Anamantoo Boni Bangari – St Mary’s College, Teacher & EFS Mentor
“The English verb “educate” derives from Latin infinitive mood “ēducāre”(1st.conjugation) which is the intensive form of the verb “educĕre” (3rd.conjugation) originally meaning “to draw out”. Searching the Internet for the definition of the word ‘Education’, I came across this: “the act or process of imparting or acquiring general knowledge, developing the powers of reasoning and judgment, and generally of preparing oneself or others intellectually for mature life. “
Unless I am mistaken, it would seem that we have drifted away from the very purpose of Education! Whilst most educational institutions are busy imparting secular knowledge to millions of students worldwide, what avails our innate potentials that remain latent in us and without which we cannot be a wholesome being?
‘Education for Sustainability’, EFS is through my experience, the programme that has imbedded the missing link of the educational puzzle. In EFS, ‘the student’ is the very core of a value-based education meant to develop his intrinsic values and relate him to other people and his environment. Based on a systems thinking approach that is infused in educational activities, the student progressively gets to feel his interrelatedness with all that surrounds him. His notion of being a fragmented entity of the world is soon re-established into his realisation of being a primordial link in all worldly matters and the ecological balance. He becomes more responsible in his actions once he gets to realise their implications.
Working with the students in the EFS programme has made me realise that sustainability can only be achieved in education if all subjects are interrelated and their overall outcome caters for the development of the student at the physical, emotional, mental and spiritual levels. Being a Design and Technology teacher, I have the possibility to relate applied Mathematics, Physics, Art, Socio-Economic and Cultural factors to Design processes. But this relationship would be incomplete if I fail to mention about the impact of each Design process on our planet, be it in terms of the depletion of our natural resources or its impact on the environment. Somehow, my exposure to learning from nature and in nature through the EFS programme inspires and challenges me as a teacher to always look for ways and means to relate the academic to the natural world, for the benefit and development of my students.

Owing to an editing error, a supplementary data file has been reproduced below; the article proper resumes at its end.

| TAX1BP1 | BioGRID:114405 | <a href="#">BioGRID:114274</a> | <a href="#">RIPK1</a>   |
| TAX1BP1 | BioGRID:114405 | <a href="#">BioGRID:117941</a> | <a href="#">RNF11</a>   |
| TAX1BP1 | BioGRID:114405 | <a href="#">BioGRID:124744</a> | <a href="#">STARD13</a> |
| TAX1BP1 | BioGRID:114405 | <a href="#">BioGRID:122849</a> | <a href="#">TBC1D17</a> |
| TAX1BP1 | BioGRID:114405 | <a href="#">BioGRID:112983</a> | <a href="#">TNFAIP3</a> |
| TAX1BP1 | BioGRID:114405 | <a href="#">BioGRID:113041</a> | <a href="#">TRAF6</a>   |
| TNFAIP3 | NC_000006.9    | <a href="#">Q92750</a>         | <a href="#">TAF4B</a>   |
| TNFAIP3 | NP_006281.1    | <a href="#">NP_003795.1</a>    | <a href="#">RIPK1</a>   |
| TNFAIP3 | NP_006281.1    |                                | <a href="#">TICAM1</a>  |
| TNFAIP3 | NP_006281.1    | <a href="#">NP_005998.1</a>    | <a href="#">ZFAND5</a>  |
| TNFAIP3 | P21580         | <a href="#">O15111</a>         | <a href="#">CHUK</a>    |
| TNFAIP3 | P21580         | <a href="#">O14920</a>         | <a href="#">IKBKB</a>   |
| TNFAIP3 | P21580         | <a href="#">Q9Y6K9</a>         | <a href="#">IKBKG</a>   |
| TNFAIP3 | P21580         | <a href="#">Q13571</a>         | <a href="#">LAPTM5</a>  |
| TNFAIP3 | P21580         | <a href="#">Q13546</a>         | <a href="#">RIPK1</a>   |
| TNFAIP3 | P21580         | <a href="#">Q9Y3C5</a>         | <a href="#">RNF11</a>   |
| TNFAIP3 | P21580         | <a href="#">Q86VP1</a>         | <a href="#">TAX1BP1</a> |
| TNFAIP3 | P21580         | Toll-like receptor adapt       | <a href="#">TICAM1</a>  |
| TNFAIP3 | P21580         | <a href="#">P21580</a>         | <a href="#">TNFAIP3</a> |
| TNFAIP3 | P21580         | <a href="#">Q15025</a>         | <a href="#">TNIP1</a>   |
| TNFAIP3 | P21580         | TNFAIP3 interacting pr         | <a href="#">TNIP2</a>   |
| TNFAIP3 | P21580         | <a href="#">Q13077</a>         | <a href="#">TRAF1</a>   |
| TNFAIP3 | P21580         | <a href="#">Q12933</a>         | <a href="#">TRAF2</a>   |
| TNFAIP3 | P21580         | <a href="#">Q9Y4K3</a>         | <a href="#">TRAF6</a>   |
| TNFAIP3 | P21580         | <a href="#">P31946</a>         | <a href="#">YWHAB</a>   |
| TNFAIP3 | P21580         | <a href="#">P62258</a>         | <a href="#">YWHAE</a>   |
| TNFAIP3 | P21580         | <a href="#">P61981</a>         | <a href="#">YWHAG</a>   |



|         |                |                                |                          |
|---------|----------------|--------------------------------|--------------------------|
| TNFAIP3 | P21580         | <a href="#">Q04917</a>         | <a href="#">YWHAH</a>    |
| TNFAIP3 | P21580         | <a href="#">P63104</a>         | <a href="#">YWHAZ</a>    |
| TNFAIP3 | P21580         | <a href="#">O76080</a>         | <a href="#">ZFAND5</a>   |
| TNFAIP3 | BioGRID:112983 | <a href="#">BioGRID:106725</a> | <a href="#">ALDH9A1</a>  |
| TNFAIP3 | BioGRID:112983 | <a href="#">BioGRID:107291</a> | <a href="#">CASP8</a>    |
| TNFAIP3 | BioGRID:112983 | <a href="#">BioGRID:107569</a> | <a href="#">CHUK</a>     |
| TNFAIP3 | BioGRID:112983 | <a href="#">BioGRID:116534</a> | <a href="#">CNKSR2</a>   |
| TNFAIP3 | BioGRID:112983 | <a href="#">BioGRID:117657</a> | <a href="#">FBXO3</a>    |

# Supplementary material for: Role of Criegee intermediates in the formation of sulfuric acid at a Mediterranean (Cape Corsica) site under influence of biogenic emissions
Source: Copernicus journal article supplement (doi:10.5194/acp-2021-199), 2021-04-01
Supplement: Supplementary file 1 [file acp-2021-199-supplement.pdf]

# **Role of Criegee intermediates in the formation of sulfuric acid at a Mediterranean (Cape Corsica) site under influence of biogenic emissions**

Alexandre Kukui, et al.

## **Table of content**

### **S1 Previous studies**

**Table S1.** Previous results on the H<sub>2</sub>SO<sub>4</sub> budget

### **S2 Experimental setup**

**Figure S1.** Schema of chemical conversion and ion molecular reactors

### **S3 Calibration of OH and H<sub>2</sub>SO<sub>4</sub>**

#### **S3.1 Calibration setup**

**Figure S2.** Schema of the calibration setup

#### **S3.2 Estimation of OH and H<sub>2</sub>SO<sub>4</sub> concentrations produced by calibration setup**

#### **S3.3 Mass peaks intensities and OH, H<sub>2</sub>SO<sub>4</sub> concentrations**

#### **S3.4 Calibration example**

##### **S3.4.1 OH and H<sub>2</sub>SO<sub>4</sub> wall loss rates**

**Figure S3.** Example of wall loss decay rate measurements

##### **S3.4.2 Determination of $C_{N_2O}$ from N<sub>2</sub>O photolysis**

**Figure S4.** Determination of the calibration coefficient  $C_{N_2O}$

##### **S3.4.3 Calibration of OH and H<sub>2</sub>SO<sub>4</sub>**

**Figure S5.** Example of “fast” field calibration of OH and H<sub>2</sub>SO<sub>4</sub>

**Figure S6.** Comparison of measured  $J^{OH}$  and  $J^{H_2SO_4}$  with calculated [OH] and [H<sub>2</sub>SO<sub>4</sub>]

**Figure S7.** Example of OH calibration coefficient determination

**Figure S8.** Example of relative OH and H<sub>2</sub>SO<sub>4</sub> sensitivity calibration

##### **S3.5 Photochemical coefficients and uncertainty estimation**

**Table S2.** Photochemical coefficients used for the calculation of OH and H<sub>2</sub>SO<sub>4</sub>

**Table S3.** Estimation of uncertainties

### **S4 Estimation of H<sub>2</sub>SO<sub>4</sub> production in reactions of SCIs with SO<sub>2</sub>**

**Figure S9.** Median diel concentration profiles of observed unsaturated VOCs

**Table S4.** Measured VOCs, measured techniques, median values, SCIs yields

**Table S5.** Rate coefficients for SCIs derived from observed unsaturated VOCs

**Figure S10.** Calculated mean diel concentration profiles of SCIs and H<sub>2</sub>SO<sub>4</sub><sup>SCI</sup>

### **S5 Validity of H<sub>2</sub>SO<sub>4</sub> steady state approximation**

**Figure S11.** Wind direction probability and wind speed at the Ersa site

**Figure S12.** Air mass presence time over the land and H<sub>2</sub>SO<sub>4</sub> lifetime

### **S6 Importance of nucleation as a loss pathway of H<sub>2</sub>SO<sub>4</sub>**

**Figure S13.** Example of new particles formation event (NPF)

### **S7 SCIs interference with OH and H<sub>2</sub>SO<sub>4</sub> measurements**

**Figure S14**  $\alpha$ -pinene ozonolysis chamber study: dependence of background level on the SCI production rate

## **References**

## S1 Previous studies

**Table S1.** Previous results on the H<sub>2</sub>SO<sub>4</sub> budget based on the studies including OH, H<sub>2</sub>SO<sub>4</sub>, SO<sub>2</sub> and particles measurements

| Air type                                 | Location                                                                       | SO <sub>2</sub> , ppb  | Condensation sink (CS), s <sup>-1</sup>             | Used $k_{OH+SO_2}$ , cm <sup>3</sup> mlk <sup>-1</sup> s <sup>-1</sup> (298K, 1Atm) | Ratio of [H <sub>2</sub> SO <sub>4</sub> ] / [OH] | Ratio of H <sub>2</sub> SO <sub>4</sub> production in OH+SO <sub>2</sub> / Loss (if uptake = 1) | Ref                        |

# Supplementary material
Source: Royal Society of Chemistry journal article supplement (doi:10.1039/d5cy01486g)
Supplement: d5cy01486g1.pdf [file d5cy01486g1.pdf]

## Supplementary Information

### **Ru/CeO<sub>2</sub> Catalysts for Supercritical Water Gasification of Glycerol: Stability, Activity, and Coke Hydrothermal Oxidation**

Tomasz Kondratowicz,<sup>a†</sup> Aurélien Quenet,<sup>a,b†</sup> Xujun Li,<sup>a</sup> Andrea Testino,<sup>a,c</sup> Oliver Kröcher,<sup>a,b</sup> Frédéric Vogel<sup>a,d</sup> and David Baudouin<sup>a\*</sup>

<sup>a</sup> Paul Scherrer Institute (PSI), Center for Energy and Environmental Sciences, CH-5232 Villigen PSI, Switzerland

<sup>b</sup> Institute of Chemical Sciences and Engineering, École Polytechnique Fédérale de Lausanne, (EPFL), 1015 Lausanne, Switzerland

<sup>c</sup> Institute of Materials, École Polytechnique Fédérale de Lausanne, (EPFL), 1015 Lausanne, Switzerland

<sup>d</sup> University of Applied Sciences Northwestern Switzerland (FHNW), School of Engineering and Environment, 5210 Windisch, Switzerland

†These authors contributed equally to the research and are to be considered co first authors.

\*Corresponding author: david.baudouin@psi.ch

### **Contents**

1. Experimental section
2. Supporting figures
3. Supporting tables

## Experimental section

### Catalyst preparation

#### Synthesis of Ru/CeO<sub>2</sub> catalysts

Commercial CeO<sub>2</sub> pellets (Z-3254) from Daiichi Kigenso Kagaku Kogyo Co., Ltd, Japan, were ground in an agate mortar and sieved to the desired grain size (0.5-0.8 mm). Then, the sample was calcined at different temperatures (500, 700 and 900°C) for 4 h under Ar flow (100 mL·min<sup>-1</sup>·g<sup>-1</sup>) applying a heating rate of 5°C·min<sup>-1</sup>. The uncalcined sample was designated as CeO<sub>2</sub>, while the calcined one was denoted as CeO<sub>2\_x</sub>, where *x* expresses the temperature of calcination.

The transition has stated at our school community level, embarking officially through a pledge, the manager, the rector, teaching and non-teaching staff along with students, to pave the way towards EFS. We are conscious that without everybody on board, the programme will not be sustainable. Parents, the community, the population are also key players for the success of the programme. Our greatest challenge will be to inspire many more through our work to change their mindset and join hands with us.
So far, our work has been acclaimed by many local schools and St. Mary’s College (R.Hill) will soon be on the TV highlights through a documentary on EFS on the national channel. I am confident that whatever is being done, together with this publication will positively contribute to the success of the EFS programme.”
Stephanie Deruisseau, St Mary’s College, Teacher & EFS Mentor
“I joined the “Education For Sustainability” programme in January 2012 not knowing exactly the kind of adventure that was waiting for me. Participating in this programme changed my perspective as I came to realize how respect for natural environment is in fact respect for oneself. I was gradually becoming closer to my inner self and to other’s feelings.
As I am responsible for the food component at school, I am involved in the education of adolescents on the importance of having good eating habits for their health and well-being. This makes me grow a sense of fulfillment as I meet these students at an important stage of their lives where they start to take responsibility for their food choices.
My challenges initially were mainly related to the choice of food that I thought would be worth taking into consideration in the Ecological Footprint Analysis. I had to be objective, bearing in mind the variables such as the cultural backgrounds, religious beliefs, and socio-economic factors which influence the food habits of my colleagues, and our students. However, time is not enough when we are deeply engaged in following a direction: as a result of our actual educational system, we as educators tend to confine teaching to mostly what is examinable rather than broadening it to other aspects of life. Therefore, whenever it is possible, I try to relate chapters of the subject being taught to concrete ways of living sustainably. I use to take my Travel and Tourism students to “green” sites, where they get in touch with nature through seemingly insignificant situations such as feeling the sun on their skin, hearing the wind blow through the trees or feeling the smell of moist soil walking down the paths.
I hope that these experiences make them more aware about the importance of nature and act as a trigger to live more responsibly.
Finally, I believe that although schools actively participate in inculcating ecological consciousness into kids, authorities and, commercial and non-commercial organisations should also be participating in this cause. Sensitisation campaigns, allocation of funds and communication programmes just as those being done for other social problems that affect our community at large should be extended to ecological issues as well.”